Day 17 – Florida Roadtrip – Washington, DC

Having survived that last sketchy motel near Washington, DC, our first task in the morning was to find some drinkable coffee, so we are prepared for a day at our final tourist destination, the National Museum of the American Indian in DC. Good old Google showed us a Starbucks nearby, so we entered the address into our GPS, and off we went. Car fully packed, we passed some Air Force Base, and oops, the GPS tells to make a turn there. Ok, so lets see where this leads – if it’s a Starbucks on Google, surely it can’t be right in this military zone, right? Wrong!

Before we realized and could turn around, the military checkpoint appeared and we already envisioned our car getting searched endlessly for bombs. So we were apologetically blamed Google, but the guard basically grinned, asked for our ID, duly recorded it, called some other guys about some ‘unauthorized vehicle coming through back’ and made sure we understood where exactly we were supposed to turn around. Probably happens to him a hundred times a day…

Eventually we found a non-militarized Starbucks nearby and then made our way to DC. Our iPhone also told us about the best price for parking nearby the museum, but it actually turned out that street parking was free and unlimited on Sunday, and we had no problem finding a spot right across from the museum, since we were very early.

The museum itself was great. The boys had a lot of fun building an Igloo, and even more fun destroying it, and it was quite interesting for the grown-ups, too. The best was probably the museum restaurant though. It’s quite pricey, but was exceptionally good, with very unusual (for us) American Indian food.

And that was the end – it was time to make the trip home. Almost 4000 miles later, the last stretch had pretty heavy traffic, but we made it, and the kids were happy to be back and re-united with all their toys and a bathtub…

Day 1 – Florida Roadtrip – Woodstock, VA

We left Friday at 5:30 pm instead of planned 4:00 pm and that was a personal record of leaving on time. We hit almost no traffic as we left the city. A very rare thing as well, since it was Friday rush hour and beginning of spring break. We drove till 11:30 pm and stayed at some cheap hotel in Shenandoah Valley. Our kinds had a blast jumping on the bed singing “5 little monkeys”. Our room was cold and the heater was loud and the blankets were paper thin. I slept with my children, so nobody was rested when we woke up. Renzo was freezing all night and I was waking up at every move of my children. After a granola bar for breakfast, my darling husband found us a very nice coffee shop in Woodstock, VA. It had espresso and a wine shop which are both rare on a road.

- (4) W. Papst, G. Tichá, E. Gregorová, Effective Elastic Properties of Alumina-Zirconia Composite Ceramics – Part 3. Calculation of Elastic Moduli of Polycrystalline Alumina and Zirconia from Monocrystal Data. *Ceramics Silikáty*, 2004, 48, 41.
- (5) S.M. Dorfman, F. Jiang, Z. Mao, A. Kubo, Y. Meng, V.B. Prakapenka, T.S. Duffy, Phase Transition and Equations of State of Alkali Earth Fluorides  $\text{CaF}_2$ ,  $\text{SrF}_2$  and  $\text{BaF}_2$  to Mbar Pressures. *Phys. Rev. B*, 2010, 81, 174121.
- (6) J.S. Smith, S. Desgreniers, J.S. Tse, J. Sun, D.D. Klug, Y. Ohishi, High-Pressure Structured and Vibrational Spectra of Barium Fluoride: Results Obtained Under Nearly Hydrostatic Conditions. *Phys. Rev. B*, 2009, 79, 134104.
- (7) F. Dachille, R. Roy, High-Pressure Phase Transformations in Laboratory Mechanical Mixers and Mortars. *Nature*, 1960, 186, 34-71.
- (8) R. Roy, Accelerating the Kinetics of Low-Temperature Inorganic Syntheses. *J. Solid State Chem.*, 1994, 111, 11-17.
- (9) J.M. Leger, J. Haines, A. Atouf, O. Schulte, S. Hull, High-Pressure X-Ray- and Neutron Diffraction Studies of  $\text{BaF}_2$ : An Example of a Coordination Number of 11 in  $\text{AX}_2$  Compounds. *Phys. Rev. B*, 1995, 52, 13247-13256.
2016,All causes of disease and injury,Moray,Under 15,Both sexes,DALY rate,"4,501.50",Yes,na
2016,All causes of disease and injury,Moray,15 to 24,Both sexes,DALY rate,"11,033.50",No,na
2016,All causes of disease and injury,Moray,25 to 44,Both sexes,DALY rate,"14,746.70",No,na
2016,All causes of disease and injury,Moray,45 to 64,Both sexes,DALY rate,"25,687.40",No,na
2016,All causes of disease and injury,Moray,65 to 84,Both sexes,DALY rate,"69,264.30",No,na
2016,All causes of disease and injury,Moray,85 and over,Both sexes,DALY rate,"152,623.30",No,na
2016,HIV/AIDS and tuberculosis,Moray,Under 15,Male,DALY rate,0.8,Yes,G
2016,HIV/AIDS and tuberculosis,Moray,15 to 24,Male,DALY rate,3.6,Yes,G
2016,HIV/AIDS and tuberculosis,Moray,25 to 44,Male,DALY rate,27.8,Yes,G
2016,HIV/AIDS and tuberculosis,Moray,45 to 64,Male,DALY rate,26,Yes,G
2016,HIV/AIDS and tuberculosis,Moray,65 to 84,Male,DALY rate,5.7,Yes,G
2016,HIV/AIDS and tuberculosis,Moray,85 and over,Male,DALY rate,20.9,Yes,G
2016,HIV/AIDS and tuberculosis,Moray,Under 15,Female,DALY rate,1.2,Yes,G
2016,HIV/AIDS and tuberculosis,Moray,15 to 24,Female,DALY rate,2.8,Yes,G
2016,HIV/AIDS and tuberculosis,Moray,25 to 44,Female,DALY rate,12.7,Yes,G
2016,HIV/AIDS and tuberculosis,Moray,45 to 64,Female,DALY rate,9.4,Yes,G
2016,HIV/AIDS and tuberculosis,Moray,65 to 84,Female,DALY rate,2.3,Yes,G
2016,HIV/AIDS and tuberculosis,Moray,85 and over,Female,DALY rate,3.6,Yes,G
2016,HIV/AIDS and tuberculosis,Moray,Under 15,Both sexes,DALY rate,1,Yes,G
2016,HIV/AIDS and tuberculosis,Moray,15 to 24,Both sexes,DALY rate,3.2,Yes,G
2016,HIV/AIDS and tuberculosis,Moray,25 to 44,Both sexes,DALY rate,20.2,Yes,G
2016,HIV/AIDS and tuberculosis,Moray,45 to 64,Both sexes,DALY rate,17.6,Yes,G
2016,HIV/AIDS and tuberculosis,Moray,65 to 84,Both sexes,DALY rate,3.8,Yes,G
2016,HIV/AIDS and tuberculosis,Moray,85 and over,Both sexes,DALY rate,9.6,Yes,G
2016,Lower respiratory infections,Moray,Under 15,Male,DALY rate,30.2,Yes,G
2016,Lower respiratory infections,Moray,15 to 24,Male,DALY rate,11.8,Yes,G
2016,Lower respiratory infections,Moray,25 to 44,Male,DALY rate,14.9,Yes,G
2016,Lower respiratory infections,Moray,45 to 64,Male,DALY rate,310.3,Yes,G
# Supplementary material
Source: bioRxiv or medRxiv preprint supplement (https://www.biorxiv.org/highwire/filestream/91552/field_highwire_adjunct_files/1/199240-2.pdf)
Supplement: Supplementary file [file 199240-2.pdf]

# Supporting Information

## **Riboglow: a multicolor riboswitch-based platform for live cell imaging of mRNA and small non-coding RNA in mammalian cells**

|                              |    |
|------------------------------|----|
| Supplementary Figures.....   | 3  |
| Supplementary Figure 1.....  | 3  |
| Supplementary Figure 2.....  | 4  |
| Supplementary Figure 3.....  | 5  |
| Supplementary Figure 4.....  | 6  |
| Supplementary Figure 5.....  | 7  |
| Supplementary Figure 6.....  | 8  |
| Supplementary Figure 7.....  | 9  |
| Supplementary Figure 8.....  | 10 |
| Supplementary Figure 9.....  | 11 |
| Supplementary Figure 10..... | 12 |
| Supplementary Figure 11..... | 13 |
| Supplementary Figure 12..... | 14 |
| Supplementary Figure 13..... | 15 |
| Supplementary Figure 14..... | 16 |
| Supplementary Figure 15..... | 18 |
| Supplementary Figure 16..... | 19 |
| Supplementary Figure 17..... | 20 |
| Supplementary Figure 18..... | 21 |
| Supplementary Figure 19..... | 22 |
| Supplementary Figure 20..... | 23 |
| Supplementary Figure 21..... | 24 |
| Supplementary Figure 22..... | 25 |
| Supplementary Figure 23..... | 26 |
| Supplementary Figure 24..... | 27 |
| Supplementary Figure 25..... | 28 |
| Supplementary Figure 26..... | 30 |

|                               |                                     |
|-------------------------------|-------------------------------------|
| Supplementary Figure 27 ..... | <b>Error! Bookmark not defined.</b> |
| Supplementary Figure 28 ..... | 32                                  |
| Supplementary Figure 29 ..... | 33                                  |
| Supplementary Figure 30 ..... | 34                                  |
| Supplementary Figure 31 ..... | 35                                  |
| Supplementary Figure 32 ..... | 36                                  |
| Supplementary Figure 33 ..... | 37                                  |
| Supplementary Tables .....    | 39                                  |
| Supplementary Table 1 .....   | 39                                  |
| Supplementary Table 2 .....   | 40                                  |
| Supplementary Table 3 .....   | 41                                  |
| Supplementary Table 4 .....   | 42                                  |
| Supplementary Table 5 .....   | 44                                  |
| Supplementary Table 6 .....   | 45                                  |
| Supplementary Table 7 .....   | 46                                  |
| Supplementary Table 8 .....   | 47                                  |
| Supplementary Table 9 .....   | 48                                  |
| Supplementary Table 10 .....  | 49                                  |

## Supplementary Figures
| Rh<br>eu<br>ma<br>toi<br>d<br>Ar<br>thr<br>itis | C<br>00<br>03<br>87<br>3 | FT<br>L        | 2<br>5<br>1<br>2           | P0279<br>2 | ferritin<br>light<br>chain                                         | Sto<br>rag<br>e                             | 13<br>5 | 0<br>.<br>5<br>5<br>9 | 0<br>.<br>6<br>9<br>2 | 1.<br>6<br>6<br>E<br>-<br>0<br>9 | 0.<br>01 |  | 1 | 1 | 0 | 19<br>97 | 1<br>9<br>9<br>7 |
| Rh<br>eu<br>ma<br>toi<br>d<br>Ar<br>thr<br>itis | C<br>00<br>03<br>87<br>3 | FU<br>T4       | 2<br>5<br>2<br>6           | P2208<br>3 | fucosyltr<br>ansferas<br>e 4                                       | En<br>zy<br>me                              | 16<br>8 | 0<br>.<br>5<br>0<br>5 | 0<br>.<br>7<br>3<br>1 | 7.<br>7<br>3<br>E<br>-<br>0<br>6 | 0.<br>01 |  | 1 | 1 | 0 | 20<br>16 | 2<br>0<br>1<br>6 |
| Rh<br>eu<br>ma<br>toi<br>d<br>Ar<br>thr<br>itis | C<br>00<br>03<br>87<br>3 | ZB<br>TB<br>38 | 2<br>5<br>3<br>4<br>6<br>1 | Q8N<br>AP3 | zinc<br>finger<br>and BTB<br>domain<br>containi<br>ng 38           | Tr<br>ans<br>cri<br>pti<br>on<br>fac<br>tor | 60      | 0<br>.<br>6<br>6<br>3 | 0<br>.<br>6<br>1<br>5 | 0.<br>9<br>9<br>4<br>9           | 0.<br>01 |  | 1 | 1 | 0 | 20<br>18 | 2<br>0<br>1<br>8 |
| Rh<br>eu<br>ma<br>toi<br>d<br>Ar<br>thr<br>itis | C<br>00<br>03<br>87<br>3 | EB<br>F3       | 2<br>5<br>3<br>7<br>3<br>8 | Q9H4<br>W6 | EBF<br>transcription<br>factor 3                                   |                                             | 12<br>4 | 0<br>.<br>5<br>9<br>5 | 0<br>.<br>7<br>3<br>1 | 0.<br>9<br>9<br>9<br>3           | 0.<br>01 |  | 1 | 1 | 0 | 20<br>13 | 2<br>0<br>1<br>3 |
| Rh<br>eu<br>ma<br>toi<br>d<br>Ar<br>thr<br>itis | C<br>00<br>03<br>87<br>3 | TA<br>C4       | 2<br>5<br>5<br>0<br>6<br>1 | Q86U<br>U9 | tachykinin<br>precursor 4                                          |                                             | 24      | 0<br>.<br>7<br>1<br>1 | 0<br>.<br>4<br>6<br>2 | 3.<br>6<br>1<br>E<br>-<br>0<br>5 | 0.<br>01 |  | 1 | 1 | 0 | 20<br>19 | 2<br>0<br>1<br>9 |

A few weeks ago, Savatri, our maid, had invited us home for a late lunch, which was very sweet. When we got there, after an hour in traffic, her husband just got out of bed and looked pretty miserable, but her two daughters and one son were pretty excited and shyly curious. Her son is 17 and dropped out of school. He is working as a DJ to hire and wants to become a famous professional DJ, much to the distress of our maid. One daughter is still in school, the other works in a call center.

Savatri lives in an area that our Mumbai map designates as a slum area near the Eastern Expressway. For about $7000, she owns a very small house with a cramped living room and kitchen on the ground floor and another bedroom on the top floor. Her children sleep in the living room – the two daughters on the floor and her son on the little couch. It’s all very cramped, but it’s clean and homey, and the television was on the whole time. Soon, the entire neighborhood is going to get replaced to make room for new constructions, and Savatri thinks that the government will provide them with new housing.

As Ksenia and I we were sitting down having lunch while the rest of the family watched us, some curious neighbors stopped by to say Hello. In between Hindi television commercials, the daughters and her mother kept serving us food and orange juice. After the Hellos were said and the lunch was eaten, the maid took us to a visit at her childhood friend and neighbor. Savatri is originally from Kerala and her friend from Goa, but they had moved to Mumbai for better prospects. Savatri’s friend finds Goa boring now, especially since her husband spends most of the year in Dubai. He used to live in Kuwait and was there during the Gulf War and had sworn never to go back to the Middle East, but then he went to Dubai for the money. One of his sons works for Dell now; he still lives with his parents and was sporting a baseball cap.

Savatri is thinking about going to Dubai, but she doesn’t want to work for a Muslim family, because, she says, their families are too big and they don’t treat Indians very well. After yet another tea with our maid’s friend, we took off to make our way home through the Saturday afternoon insanity called Mumbai traffic. Due to the bird flue panic, chicken prices fell from Rs100 to Rs15, and fish went from Rs300 to Rs1000.

The Cigarette Lighter